By Airplane, Moscow
Just read it in the news - Aeroexpress will have to raise its tariffs:
Standard one-way - 450 roubles
'Child' - 130 roubles
Return - 900 roubles
'Family' - 950 roubles
That is roughly 2/3 of what I would pay for a taxi directly from my door to the airport.
With the metro fare (negligible) and the metro steps (very high) I will now consider the taxi!
The English site has not caught up yet, I guess, they are still having New Year holidays...
In the morning heard over the radio that Transaero, the second largest and the first private Russian airline born with the perestroyka, is near bankrupcy and may go out of business already in January.
Later in the day the airline denied the news.
But as they say, there is no smoke without fire...
I can't say I was impressed with the eating and drinking facilities here at Domodedovo. Despite the airport's website making a song and dance about all the different cafes, bars and restaurants available the few that I did find were mobbed and very expensive.
Outside the entrance are a row of wooden stalls which I thought might offer a cheaper alternative, and it was a pleasantly sunny lunchtime. But instead of these being small owner-run, places they seemed to be all much of a one-ness and instead of competing against each other all had pretty much the same offerings and prices.
I ended up with a pancake roll from one of them, which was tasty enough but at 350 roubles was certainly not cheap - I should have picked up a nibble, and a beer, from my local Produkti before I left!
Personally I found Domodevodo quite a confusing airport to fly from. The departures area seems to be just a single, huge and very busy, terminal dealing with both international and domestic flights.
Instead of having separate terminals it has "sectors" and my boarding pass didn't have any mention of which sector I was supposed to be using. Fortunately I'd arrived with plenty of time to spare and eventually worked out that I needed sector A or B - sectors C and D are domestic and sector F is fast-track.
Once I'd worked out my sector I then had to work out which immigration control booths to use - as with arrivals these depend on nationality and I soon found the one marked EU. This is where you need to make sure you have the entrance slip issued at arrival and that your visa is within its date.
Security is very rigorous, involving one of these new body-sniffers, along with the normal x-ray machines for luggage etc., but well-staffed and efficient.
After that it was just a matter of the normal waiting for the gate to be announced and boarding.
I booked UTair flight about a month ago – now right before the trip they are telling me it’s cancelled.
Not moving an hour or so earlier or later, but cancelling the only flight they have that day altogether! Supposing one has a non-refundable hotel or apartment booking, what does one do?
Or, better still, supposing one has a connection flight?
Well, I never flied UTair before, and now I never will – good riddance, too.
Just found a useful link:
'Flightradar24' is an Internet site that shows air traffic around the world, live or with 5 minutes' delay.
Has an awfull lot of smartphone apps, too.
Must be interesting for those meeting or seeing off friends / relatives, whoever. A colleague successfully tracked her husband all the way from Moscow to Los Angeles, hopes to have the same luck on his way back :)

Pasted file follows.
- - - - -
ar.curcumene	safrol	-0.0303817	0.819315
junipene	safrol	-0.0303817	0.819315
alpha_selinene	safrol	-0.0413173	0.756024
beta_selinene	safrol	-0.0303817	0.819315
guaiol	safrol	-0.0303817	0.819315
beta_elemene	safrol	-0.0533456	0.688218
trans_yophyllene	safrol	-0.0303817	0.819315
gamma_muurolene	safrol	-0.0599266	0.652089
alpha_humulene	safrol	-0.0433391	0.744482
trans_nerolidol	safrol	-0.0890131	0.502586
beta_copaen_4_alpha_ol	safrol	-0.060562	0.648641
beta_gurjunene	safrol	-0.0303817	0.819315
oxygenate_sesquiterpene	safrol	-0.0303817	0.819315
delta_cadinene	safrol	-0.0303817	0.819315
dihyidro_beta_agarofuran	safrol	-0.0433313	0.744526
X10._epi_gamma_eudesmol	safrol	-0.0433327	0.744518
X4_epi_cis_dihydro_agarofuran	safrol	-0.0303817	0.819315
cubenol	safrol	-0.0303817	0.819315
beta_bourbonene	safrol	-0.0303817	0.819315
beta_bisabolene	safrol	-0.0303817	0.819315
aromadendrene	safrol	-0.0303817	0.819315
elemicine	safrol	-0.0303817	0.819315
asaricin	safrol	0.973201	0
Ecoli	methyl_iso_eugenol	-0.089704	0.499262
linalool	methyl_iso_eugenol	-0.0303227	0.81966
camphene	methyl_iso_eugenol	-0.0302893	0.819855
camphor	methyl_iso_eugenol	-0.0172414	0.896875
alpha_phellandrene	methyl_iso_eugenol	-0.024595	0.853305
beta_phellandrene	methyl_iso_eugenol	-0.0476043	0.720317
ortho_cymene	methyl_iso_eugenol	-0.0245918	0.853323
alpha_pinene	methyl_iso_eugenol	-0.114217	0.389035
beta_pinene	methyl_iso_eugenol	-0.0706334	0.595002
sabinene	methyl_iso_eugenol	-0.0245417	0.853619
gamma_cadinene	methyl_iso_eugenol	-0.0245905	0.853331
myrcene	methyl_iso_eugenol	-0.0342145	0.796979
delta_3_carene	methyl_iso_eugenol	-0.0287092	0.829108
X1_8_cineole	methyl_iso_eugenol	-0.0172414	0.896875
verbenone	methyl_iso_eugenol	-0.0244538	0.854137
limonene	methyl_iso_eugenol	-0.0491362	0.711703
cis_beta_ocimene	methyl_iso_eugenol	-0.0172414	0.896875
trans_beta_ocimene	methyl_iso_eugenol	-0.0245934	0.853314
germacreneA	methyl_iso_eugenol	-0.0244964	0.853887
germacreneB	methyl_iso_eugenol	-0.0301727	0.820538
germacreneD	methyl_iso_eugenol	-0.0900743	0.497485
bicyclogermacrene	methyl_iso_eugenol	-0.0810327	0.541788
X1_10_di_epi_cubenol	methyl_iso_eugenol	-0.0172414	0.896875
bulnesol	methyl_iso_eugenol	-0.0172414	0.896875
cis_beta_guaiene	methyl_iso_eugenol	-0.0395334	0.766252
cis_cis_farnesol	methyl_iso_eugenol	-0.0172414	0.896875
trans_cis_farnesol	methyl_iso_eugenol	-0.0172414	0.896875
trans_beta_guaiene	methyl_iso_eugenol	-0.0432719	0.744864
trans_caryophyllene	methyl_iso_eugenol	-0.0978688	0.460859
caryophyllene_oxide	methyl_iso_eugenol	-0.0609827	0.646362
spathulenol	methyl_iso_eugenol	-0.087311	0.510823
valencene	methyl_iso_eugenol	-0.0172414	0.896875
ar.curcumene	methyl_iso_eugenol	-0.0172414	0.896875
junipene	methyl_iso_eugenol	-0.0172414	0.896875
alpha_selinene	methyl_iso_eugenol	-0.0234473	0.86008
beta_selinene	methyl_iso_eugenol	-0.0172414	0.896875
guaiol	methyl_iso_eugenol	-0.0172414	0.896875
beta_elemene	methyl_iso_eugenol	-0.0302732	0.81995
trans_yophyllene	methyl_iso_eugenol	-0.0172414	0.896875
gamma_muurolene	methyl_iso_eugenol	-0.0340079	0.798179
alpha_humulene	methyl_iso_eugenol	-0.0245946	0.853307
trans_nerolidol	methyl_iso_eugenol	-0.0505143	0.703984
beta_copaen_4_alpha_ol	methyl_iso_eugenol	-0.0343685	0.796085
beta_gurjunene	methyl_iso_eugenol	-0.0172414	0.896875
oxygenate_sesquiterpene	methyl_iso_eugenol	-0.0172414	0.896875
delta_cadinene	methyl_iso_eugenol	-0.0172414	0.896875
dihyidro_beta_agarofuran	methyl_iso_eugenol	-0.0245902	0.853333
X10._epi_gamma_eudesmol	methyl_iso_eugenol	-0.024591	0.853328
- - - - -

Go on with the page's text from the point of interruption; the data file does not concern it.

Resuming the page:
Our main air hub, the well-known SVO is the best in Europe – according to Airports Council International annual survey.
That’s two years after our no less famous Aeroflot had put into operation its own brand-new Terminal D. What used to be SVOI – for domestic flights and SVOII – for international routes is now one and the same airport with 5 terminals:
Terminal A is reserved for VIP ‘business aviation’
Former SVOI became terminal B, with the new terminal C built by its side
Former SVOII is now terminal F, the new terminal E next to it and terminal D standing aside.
Having travelled quite a bit lately, I can say that there are some good points:
• No longer does one have to queue for the passport control
• Lots of baggage trolleys, and they are free
• Aeroexpress train from / to the airport goes every half an hour; everyone who used to go by taxi or own car had switched to the more eco-friendly and traffic-safe train now
• Travelling Aeroflot and partners, you can drop your luggage at any of 100+ booths, never seen a line to the registration desk there
A fly in the ointment is that you have to walk the airport corridors (or ride the speed track) for about a quarter of an hour between Aeroexpress platform and terminal D. this, however, can hardly compare to hiking the ups and downs of the Brussels airport!
Domodedovo Airport is actually quite far out of Moscow.
To get from the airport to Moscow by taxi you MUST go to the official taxi stand in the airport grounds. DO NOT takl to anybody except the person BEHIND the desk. If a taxi driver approaches you whilst you are in the queue it is most likely he is a con man who will charge you 3 times the amount of an official taxi.
To get from Moscow to the aiport I would recommend getting your hotel to order you a taxi. We told the receptionist that we wanted to book one that gave us 2 hours to get to the airport. The taxi driver said no we should alow 2.5 hours at that time of day. He was right!
Este es para mi uno de los misterios de las tarifas aéreas . Volábamos de vuelta a Madrid y queríamos viajar con Iberia pero los precios eran inalcanzables , así que seguimos buscando y encontramos los mismos billetes de Iberia a mitad de precio en una ruta compartida que tiene con Siberia Airlines
Los vuelos de Iberia salen de la terminal de Domodedovo